The same thing happened in M1/2 although, with 30 students, I could only create a giant “O” with the desks touching each other. It took longer to rearrange and I didn’t make much of a speech but the students worked hard for the remainder of the period and about half of them turned in their work by the end of class. The remainder (except for three girls) gave me their papers and posters on Friday. In most cases, their work was better than similar assignments given to the grade two years ahead of them. They certainly took a lot more pride in their creations.
During the second half of Friday lessons, I like to try activities that motivate thinking. Vocabulary games are always good and one of my favorites is called “How Many Words?” I hadn’t tried this particular activity in more than a year but I decided to introduce it to both classes this past Friday. Basically, I give a word (usually the name of a country, a proper name, or a phrase such as “Merry Christmas”) and the students try to find as many other words from the first word that they can. They can only use the letters in the first word, and each letter can be used only once per derivative word. For example, Laos (always my first example when presenting the game for the first time) gives out five words (a, as, so, lo — as in, “Lo and behold!“, and the nationality Lao); I don’t allow people’s names or abbreviations but country names and nationalities are okay. My second example is usually Mark (a, arm, ark, ram, mar, and I’ll allow ma although I don’t like slang as vocabulary). Oh, and the verb or noun of mark, not used as a proper name.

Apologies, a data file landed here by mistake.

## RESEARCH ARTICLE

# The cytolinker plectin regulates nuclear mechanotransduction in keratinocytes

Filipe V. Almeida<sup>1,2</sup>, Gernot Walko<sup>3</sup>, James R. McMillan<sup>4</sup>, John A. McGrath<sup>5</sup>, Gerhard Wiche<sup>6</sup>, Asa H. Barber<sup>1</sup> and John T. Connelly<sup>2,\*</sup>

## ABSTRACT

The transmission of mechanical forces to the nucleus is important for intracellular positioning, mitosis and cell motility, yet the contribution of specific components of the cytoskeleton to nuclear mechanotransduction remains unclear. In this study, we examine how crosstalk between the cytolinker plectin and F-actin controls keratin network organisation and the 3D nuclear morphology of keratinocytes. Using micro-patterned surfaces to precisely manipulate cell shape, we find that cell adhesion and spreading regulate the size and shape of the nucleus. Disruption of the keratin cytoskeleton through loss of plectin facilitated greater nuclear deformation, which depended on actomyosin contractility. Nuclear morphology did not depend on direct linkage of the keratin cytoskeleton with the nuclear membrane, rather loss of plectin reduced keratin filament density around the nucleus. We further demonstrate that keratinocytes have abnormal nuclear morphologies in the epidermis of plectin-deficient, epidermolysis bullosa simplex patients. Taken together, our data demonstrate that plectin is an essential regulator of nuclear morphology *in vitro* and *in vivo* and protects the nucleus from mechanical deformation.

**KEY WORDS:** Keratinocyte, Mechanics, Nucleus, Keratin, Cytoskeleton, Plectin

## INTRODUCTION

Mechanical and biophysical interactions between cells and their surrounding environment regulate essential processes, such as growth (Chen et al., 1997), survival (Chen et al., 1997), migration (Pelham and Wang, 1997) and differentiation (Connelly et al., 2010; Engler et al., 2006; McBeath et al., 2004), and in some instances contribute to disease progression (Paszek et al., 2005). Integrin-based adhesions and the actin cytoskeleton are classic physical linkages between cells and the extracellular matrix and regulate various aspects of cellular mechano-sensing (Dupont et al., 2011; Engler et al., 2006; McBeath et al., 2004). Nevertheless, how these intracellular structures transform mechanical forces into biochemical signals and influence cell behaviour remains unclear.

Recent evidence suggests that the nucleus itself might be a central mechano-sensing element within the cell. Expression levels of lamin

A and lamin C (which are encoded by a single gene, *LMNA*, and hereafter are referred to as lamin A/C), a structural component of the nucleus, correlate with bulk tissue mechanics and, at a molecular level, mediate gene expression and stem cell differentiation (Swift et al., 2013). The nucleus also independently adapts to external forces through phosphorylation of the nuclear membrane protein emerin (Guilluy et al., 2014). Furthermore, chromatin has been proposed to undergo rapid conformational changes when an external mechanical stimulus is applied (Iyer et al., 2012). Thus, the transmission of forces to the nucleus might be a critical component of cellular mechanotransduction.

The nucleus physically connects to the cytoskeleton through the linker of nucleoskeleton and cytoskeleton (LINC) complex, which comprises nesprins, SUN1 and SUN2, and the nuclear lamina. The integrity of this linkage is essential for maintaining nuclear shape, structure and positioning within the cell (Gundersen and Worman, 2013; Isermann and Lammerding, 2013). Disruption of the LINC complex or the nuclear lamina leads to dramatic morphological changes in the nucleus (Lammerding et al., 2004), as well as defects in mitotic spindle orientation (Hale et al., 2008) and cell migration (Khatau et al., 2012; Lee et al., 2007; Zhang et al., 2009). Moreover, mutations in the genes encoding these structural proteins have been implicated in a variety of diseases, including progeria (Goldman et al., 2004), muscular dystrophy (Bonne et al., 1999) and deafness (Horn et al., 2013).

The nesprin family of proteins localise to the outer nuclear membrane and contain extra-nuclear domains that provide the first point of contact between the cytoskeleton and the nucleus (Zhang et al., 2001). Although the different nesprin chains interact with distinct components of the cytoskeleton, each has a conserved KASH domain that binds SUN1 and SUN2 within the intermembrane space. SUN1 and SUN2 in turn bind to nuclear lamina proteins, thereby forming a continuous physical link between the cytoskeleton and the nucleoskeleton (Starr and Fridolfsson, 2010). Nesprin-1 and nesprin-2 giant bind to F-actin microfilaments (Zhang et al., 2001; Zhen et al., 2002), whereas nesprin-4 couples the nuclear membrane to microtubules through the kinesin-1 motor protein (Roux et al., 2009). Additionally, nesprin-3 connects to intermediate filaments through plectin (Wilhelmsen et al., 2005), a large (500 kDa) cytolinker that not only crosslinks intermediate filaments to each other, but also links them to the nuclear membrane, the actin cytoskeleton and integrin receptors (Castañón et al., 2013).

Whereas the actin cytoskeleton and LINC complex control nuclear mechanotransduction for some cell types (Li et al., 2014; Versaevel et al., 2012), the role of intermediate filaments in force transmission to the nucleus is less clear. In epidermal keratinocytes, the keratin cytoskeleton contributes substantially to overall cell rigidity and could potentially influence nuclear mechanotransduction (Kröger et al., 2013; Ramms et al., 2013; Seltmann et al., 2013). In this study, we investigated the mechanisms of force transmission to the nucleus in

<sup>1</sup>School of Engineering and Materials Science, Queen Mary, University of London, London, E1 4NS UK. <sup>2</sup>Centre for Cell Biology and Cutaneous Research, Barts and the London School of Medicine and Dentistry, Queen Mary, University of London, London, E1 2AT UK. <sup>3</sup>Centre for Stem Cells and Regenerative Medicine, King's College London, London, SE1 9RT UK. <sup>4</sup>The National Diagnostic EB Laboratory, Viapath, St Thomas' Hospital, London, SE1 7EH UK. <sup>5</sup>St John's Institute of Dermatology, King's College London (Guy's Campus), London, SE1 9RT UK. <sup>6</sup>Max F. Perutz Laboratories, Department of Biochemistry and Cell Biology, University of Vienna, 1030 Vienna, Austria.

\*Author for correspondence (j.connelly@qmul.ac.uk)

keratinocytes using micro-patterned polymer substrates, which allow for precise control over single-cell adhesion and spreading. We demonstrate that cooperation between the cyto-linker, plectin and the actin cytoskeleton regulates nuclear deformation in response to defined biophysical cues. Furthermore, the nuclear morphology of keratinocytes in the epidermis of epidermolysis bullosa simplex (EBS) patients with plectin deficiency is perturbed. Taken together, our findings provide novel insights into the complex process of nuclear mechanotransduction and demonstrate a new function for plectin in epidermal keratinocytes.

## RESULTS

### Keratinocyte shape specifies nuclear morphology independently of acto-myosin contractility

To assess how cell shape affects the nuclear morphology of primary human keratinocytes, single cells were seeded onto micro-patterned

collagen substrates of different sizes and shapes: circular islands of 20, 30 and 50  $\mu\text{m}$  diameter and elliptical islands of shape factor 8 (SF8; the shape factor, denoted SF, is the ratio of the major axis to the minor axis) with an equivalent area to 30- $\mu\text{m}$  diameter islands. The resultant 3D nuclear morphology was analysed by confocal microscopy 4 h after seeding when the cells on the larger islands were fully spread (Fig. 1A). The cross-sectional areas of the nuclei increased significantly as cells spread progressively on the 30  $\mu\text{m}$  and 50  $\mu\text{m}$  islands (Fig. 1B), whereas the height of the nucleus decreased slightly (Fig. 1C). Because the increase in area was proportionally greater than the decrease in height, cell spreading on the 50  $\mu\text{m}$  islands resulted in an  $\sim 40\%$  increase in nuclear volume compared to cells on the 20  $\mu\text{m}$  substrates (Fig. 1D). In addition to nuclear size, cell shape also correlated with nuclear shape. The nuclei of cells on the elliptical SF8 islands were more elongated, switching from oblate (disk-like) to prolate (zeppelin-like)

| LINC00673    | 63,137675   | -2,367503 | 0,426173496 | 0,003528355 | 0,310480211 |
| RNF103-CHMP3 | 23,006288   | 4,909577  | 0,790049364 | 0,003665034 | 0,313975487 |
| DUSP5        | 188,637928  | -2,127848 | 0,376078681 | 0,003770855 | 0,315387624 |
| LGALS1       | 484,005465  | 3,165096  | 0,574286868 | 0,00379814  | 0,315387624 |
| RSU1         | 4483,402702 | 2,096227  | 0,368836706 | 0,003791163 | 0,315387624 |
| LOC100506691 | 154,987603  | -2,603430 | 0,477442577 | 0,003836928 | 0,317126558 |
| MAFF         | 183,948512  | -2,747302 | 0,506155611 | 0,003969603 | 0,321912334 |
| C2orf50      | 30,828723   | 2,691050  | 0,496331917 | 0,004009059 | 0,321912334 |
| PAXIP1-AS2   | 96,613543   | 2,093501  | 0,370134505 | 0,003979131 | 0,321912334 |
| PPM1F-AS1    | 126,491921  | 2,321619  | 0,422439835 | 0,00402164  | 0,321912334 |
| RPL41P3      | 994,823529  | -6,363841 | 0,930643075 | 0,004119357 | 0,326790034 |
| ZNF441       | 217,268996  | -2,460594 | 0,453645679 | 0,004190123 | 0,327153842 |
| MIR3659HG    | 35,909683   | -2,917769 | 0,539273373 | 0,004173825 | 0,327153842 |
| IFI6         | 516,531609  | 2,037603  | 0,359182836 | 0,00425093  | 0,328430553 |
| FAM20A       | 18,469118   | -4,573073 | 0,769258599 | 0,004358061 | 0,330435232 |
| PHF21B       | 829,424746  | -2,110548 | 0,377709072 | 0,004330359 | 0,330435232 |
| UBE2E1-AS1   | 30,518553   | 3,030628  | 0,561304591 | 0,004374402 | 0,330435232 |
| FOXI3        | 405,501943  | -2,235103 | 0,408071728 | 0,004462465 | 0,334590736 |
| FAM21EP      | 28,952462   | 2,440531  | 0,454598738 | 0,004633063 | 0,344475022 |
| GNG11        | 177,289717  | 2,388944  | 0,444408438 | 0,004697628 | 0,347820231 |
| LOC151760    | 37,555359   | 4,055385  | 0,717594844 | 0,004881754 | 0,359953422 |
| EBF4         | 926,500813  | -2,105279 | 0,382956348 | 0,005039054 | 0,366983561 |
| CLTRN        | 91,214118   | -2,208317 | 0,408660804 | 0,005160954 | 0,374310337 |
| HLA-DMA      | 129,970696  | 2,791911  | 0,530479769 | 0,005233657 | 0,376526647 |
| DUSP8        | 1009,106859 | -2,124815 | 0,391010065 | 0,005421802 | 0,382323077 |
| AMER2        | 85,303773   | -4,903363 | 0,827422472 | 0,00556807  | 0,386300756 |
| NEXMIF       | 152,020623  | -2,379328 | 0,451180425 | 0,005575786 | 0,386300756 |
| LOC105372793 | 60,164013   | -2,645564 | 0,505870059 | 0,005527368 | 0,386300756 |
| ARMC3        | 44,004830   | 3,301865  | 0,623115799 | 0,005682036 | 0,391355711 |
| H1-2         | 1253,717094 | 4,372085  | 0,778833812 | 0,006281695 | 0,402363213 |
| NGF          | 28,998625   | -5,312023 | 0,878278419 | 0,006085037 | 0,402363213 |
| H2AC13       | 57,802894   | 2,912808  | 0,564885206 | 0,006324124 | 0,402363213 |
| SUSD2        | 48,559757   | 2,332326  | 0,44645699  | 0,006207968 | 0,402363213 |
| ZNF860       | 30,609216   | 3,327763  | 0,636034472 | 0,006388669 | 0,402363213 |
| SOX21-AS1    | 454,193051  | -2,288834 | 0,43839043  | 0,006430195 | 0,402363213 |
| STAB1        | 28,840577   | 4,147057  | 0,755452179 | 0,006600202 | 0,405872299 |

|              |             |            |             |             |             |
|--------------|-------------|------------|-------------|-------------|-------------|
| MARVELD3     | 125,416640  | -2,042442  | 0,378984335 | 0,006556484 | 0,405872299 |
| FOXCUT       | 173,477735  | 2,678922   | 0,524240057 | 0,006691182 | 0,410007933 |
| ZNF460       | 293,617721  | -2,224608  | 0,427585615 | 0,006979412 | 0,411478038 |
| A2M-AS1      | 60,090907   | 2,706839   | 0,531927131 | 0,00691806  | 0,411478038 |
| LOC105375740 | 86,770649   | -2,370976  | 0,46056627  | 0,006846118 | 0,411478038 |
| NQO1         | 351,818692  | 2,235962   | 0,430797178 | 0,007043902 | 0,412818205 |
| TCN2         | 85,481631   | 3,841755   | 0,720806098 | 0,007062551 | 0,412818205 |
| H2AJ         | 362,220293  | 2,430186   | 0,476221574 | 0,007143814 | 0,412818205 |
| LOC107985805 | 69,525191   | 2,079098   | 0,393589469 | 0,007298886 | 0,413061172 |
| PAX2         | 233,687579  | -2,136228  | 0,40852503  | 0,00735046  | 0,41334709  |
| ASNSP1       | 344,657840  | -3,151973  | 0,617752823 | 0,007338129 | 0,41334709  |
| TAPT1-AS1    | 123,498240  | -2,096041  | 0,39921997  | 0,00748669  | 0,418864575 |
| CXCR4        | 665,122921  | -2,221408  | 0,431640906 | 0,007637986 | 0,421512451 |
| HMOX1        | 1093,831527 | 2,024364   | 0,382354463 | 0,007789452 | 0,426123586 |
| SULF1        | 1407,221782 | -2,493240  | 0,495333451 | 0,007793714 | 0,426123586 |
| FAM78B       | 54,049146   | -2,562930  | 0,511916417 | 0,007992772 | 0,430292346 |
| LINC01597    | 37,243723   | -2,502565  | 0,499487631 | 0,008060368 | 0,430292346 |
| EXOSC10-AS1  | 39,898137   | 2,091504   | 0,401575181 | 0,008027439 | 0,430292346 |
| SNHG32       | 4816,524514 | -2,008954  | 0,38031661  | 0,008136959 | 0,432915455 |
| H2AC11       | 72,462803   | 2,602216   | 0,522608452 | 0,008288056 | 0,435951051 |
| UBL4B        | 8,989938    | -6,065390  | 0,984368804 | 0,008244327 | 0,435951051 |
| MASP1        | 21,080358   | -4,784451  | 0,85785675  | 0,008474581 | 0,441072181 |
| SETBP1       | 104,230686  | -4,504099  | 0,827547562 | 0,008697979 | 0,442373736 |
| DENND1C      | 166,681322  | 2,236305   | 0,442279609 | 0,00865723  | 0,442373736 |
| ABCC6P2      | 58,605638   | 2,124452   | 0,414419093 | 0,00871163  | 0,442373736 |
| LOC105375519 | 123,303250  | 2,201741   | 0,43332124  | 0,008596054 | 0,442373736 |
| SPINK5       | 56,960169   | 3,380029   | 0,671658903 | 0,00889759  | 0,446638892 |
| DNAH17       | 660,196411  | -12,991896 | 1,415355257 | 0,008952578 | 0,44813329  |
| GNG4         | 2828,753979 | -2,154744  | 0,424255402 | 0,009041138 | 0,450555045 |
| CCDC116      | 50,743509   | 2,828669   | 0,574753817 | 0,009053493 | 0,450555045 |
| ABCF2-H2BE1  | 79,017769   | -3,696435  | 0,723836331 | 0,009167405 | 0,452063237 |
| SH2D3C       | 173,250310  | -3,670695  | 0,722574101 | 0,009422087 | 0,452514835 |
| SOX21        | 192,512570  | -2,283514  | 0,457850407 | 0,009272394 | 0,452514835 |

I used to divide the class into teams (boys and girls, usually) and give them each a different word. The winner would be the team with the most words found from their word. The idea behind giving them different words was to prevent cheating by copying but it’s difficult to make this fair. Some words of the same length offer more words than others. So, now I give them the same word. I usually do one more practice round — Thailand — where each team has to write down a list of words without shouting them out as in the other two practice words. Then, I have a representative of each team write their lists on the whiteboard and we can compare. This Friday in M3/2, the girls found 24 words from Thailand while the boys had 26. However, my favorite word has become Singapore.